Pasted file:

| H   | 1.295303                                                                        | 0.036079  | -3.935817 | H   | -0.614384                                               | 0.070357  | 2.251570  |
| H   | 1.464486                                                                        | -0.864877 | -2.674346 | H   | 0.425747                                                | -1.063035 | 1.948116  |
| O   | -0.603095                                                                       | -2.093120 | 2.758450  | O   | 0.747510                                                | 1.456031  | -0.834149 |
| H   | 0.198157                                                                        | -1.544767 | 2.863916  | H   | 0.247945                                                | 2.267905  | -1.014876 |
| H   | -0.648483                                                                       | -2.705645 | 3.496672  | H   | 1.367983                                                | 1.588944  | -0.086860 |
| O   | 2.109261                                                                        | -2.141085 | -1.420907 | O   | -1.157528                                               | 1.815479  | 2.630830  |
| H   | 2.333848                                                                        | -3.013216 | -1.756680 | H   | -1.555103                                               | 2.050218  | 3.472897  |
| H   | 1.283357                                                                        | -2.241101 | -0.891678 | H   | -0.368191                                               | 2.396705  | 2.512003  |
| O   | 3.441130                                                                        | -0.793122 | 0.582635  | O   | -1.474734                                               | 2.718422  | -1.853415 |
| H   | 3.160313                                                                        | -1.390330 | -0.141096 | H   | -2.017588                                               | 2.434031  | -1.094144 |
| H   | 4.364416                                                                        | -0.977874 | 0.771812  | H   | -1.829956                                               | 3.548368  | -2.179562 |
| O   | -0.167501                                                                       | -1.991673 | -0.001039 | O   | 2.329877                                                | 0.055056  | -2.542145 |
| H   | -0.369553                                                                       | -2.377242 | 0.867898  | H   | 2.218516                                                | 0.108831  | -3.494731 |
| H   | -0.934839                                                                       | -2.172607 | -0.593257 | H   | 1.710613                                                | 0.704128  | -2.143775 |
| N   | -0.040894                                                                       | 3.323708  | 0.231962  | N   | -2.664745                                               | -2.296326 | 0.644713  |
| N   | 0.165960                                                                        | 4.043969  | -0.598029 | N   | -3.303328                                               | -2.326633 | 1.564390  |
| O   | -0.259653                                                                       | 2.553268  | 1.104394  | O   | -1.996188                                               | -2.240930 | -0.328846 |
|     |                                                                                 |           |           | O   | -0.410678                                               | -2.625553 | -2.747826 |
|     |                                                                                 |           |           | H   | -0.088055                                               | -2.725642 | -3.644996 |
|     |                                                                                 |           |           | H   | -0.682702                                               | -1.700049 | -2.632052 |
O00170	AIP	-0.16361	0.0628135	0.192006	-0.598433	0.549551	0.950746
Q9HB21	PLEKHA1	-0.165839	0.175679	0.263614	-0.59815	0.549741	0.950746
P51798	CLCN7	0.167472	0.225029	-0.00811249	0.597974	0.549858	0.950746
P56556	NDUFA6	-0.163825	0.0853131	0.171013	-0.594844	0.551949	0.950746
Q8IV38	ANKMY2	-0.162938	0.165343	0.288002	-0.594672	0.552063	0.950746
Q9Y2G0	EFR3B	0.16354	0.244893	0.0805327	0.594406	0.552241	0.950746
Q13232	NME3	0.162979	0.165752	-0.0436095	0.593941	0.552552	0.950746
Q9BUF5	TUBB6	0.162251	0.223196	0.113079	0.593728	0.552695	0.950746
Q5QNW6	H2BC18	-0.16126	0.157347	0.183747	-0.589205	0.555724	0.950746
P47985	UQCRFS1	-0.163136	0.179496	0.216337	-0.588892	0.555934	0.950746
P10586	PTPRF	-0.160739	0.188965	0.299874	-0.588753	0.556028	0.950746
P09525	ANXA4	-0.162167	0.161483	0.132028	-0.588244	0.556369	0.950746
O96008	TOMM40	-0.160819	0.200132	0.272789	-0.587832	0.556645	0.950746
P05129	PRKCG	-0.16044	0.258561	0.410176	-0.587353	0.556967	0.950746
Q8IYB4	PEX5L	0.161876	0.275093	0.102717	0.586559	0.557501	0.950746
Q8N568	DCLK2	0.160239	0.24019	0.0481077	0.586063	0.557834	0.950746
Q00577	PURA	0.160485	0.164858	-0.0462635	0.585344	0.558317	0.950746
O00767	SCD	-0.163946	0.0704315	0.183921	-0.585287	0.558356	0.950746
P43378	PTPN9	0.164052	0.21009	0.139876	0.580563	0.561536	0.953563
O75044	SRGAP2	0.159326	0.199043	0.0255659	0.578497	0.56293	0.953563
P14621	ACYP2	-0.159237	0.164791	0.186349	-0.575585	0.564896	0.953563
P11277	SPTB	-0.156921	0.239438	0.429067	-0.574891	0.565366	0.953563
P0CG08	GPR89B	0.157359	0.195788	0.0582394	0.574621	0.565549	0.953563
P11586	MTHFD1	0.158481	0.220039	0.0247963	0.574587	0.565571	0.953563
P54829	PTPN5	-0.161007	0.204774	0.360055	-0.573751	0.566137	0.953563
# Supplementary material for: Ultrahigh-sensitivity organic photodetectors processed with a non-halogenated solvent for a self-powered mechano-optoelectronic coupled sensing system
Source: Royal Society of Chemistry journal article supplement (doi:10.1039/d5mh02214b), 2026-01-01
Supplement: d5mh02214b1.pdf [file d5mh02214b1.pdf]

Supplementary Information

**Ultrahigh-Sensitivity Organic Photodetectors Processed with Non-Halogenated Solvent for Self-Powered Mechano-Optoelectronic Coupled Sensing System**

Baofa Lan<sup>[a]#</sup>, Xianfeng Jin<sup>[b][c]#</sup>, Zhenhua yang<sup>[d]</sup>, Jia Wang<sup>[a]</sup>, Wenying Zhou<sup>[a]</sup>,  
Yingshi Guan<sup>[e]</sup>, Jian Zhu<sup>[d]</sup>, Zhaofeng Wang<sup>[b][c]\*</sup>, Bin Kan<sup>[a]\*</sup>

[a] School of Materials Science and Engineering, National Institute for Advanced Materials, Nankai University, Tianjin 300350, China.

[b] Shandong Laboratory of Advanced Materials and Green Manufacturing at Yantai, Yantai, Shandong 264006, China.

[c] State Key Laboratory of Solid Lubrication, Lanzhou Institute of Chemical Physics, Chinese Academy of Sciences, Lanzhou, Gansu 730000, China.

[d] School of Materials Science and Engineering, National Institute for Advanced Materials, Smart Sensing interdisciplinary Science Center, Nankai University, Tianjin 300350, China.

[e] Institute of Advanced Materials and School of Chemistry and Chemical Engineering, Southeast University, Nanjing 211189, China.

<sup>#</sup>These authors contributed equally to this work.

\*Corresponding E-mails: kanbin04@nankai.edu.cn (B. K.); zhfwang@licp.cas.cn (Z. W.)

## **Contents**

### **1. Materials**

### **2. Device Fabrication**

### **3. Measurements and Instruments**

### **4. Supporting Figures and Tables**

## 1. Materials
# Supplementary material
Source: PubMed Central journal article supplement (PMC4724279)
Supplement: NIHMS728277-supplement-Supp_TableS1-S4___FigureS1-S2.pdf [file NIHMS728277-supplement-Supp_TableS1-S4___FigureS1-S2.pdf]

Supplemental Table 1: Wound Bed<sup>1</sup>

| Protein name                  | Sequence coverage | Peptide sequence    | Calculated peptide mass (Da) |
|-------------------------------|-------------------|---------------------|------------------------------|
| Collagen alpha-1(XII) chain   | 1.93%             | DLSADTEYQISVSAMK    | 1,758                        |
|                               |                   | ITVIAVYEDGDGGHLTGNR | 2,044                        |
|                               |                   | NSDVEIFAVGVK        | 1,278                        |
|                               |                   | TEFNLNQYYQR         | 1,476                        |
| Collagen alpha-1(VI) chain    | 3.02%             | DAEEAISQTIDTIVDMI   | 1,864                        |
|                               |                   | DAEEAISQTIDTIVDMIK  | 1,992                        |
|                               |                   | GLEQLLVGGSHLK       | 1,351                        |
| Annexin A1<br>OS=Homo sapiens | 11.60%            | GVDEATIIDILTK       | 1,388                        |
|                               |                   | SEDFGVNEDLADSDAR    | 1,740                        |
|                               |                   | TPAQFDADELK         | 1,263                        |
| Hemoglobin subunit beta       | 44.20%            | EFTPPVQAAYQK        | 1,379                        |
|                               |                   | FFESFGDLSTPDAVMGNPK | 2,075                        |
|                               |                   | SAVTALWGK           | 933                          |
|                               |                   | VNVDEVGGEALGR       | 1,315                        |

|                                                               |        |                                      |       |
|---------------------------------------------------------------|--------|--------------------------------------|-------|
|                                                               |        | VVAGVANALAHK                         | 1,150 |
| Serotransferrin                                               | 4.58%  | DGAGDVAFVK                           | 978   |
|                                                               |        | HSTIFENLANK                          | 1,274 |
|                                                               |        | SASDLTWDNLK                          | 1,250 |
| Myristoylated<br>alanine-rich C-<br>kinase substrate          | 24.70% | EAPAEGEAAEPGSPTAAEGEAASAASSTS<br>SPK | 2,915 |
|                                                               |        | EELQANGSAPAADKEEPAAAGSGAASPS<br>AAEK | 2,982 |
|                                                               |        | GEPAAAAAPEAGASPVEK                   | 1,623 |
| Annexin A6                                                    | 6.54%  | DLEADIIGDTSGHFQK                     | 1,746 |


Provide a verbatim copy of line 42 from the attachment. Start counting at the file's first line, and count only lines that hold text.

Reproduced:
P11277	SPTB	-0.156921	0.239438	0.429067	-0.574891	0.565366	0.953563